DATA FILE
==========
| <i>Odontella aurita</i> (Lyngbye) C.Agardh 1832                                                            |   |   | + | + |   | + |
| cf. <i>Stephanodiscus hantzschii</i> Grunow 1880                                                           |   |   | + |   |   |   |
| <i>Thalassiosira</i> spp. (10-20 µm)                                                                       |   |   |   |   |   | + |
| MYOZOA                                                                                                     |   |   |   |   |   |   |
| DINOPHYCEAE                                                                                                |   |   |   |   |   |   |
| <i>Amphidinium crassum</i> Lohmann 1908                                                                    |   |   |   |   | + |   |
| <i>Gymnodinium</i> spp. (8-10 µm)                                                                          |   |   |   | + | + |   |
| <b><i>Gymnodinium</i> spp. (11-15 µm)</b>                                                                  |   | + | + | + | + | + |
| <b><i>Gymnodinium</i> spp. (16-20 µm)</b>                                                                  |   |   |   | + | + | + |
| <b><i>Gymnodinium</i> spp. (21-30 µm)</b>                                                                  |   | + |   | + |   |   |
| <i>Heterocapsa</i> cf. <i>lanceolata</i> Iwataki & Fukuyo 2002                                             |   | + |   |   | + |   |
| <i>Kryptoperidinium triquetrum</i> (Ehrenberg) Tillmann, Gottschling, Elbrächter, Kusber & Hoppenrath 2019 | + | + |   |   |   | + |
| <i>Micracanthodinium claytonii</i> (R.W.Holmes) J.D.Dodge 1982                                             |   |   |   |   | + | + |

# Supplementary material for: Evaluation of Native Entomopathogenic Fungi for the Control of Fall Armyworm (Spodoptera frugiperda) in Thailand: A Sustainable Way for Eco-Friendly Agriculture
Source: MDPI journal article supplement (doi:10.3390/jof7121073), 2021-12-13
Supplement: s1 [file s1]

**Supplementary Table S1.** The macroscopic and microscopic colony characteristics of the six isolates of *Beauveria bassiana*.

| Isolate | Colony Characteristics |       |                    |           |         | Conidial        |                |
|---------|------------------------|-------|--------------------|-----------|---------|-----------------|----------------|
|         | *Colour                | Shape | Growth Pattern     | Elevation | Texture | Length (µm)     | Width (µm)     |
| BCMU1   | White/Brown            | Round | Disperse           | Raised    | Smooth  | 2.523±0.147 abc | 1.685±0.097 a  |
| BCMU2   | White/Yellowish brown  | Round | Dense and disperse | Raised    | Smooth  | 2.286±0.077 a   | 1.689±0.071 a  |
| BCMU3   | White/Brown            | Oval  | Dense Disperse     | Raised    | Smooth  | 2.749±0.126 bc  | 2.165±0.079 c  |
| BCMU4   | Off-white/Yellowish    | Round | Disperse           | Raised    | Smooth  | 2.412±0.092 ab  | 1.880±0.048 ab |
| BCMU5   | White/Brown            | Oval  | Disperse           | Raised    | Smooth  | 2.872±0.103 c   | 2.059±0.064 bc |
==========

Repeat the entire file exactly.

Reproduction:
| <i>Odontella aurita</i> (Lyngbye) C.Agardh 1832                                                            |   |   | + | + |   | + |
| cf. <i>Stephanodiscus hantzschii</i> Grunow 1880                                                           |   |   | + |   |   |   |
| <i>Thalassiosira</i> spp. (10-20 µm)                                                                       |   |   |   |   |   | + |
| MYOZOA                                                                                                     |   |   |   |   |   |   |
| DINOPHYCEAE                                                                                                |   |   |   |   |   |   |
| <i>Amphidinium crassum</i> Lohmann 1908                                                                    |   |   |   |   | + |   |
| <i>Gymnodinium</i> spp. (8-10 µm)                                                                          |   |   |   | + | + |   |
| <b><i>Gymnodinium</i> spp. (11-15 µm)</b>                                                                  |   | + | + | + | + | + |
| <b><i>Gymnodinium</i> spp. (16-20 µm)</b>                                                                  |   |   |   | + | + | + |
| <b><i>Gymnodinium</i> spp. (21-30 µm)</b>                                                                  |   | + |   | + |   |   |
| <i>Heterocapsa</i> cf. <i>lanceolata</i> Iwataki & Fukuyo 2002                                             |   | + |   |   | + |   |
| <i>Kryptoperidinium triquetrum</i> (Ehrenberg) Tillmann, Gottschling, Elbrächter, Kusber & Hoppenrath 2019 | + | + |   |   |   | + |
| <i>Micracanthodinium claytonii</i> (R.W.Holmes) J.D.Dodge 1982                                             |   |   |   |   | + | + |

# Supplementary material for: Evaluation of Native Entomopathogenic Fungi for the Control of Fall Armyworm (Spodoptera frugiperda) in Thailand: A Sustainable Way for Eco-Friendly Agriculture
Source: MDPI journal article supplement (doi:10.3390/jof7121073), 2021-12-13
Supplement: s1 [file s1]

**Supplementary Table S1.** The macroscopic and microscopic colony characteristics of the six isolates of *Beauveria bassiana*.

| Isolate | Colony Characteristics |       |                    |           |         | Conidial        |                |
|---------|------------------------|-------|--------------------|-----------|---------|-----------------|----------------|
|         | *Colour                | Shape | Growth Pattern     | Elevation | Texture | Length (µm)     | Width (µm)     |
| BCMU1   | White/Brown            | Round | Disperse           | Raised    | Smooth  | 2.523±0.147 abc | 1.685±0.097 a  |
| BCMU2   | White/Yellowish brown  | Round | Dense and disperse | Raised    | Smooth  | 2.286±0.077 a   | 1.689±0.071 a  |
| BCMU3   | White/Brown            | Oval  | Dense Disperse     | Raised    | Smooth  | 2.749±0.126 bc  | 2.165±0.079 c  |
| BCMU4   | Off-white/Yellowish    | Round | Disperse           | Raised    | Smooth  | 2.412±0.092 ab  | 1.880±0.048 ab |
| BCMU5   | White/Brown            | Oval  | Disperse           | Raised    | Smooth  | 2.872±0.103 c   | 2.059±0.064 bc |